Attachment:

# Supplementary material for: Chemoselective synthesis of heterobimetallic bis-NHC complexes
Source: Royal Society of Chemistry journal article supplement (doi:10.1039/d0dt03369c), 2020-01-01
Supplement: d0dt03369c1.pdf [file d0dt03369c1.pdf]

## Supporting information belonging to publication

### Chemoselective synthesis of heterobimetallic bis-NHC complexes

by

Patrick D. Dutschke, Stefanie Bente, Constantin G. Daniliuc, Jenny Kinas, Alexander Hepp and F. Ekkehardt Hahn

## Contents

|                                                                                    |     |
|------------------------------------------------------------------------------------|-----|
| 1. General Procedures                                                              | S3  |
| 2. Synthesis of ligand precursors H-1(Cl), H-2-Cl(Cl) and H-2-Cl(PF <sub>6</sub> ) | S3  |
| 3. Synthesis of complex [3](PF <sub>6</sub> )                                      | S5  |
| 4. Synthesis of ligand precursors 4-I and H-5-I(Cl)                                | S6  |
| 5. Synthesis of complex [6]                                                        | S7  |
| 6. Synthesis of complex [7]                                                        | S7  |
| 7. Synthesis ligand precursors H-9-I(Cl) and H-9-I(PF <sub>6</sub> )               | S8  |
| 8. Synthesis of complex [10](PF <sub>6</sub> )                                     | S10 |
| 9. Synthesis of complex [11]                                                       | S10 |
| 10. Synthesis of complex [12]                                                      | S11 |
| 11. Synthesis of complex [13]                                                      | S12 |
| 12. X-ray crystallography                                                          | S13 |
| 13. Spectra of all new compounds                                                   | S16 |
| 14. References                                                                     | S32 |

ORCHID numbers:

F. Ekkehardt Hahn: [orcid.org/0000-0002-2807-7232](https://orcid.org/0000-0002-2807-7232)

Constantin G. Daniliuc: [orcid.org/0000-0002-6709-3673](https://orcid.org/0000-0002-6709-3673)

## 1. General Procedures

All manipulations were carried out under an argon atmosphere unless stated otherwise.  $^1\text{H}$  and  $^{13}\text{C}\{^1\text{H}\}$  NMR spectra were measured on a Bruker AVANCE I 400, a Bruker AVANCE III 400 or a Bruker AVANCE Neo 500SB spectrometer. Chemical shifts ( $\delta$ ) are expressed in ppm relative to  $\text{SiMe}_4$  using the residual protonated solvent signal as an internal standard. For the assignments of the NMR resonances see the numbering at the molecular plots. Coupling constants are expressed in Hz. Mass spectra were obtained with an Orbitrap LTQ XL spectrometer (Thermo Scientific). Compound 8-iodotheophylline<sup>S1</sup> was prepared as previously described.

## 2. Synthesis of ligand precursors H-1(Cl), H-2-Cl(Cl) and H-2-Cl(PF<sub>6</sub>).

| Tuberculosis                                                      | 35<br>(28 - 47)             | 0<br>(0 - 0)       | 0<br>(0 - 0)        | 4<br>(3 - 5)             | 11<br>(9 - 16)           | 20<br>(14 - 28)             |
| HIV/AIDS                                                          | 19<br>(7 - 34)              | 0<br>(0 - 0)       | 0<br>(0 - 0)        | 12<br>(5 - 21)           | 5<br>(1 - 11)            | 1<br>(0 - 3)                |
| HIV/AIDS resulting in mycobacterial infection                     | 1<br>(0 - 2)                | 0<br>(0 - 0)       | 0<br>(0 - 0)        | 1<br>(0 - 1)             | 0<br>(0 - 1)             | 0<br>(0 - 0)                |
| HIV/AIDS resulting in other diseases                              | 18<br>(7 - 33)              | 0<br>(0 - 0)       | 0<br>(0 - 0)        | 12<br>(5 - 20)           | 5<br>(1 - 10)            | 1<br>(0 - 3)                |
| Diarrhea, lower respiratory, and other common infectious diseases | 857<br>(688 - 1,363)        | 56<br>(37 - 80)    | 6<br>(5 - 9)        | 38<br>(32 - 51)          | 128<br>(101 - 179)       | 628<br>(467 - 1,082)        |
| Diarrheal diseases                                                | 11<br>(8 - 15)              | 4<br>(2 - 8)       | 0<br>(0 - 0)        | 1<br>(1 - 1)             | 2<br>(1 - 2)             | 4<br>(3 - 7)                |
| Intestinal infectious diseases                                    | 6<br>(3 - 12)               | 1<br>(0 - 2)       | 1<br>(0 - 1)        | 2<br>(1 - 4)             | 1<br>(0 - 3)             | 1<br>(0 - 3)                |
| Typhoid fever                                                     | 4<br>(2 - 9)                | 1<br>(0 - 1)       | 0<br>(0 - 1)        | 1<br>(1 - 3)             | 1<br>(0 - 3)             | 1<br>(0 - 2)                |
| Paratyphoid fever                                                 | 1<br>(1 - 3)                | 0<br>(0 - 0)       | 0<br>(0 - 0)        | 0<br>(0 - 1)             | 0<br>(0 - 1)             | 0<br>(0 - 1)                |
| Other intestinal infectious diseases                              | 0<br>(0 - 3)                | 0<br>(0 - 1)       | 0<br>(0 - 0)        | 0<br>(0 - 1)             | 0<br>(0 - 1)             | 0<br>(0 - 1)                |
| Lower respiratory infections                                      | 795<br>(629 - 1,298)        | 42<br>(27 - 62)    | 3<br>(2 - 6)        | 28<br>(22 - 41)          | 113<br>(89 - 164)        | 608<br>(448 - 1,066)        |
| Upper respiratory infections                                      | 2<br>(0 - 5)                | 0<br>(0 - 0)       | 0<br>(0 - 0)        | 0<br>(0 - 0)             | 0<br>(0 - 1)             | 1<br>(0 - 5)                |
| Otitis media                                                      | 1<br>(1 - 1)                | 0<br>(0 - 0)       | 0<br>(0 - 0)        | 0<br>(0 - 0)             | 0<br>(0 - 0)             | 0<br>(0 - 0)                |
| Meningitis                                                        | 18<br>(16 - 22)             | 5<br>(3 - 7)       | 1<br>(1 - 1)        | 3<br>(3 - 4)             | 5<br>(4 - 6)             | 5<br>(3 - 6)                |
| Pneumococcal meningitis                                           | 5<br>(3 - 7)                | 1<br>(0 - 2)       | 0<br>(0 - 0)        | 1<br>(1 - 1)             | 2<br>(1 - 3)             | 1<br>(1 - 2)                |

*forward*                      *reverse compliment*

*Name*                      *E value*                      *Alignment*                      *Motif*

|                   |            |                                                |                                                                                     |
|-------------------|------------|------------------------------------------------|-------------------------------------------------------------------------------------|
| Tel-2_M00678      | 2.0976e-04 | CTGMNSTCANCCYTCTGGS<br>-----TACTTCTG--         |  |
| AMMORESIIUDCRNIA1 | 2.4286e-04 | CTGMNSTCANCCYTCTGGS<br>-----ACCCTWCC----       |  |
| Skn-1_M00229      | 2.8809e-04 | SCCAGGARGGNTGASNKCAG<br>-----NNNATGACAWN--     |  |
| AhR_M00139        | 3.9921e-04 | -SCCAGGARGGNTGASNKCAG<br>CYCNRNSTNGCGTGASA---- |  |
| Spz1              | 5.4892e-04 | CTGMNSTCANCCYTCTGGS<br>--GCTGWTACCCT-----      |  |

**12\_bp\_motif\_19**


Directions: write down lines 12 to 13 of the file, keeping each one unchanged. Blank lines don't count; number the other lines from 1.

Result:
| 2. Synthesis of ligand precursors H-1(Cl), H-2-Cl(Cl) and H-2-Cl(PF <sub>6</sub> ) | S3  |
| 3. Synthesis of complex [3](PF <sub>6</sub> )                                      | S5  |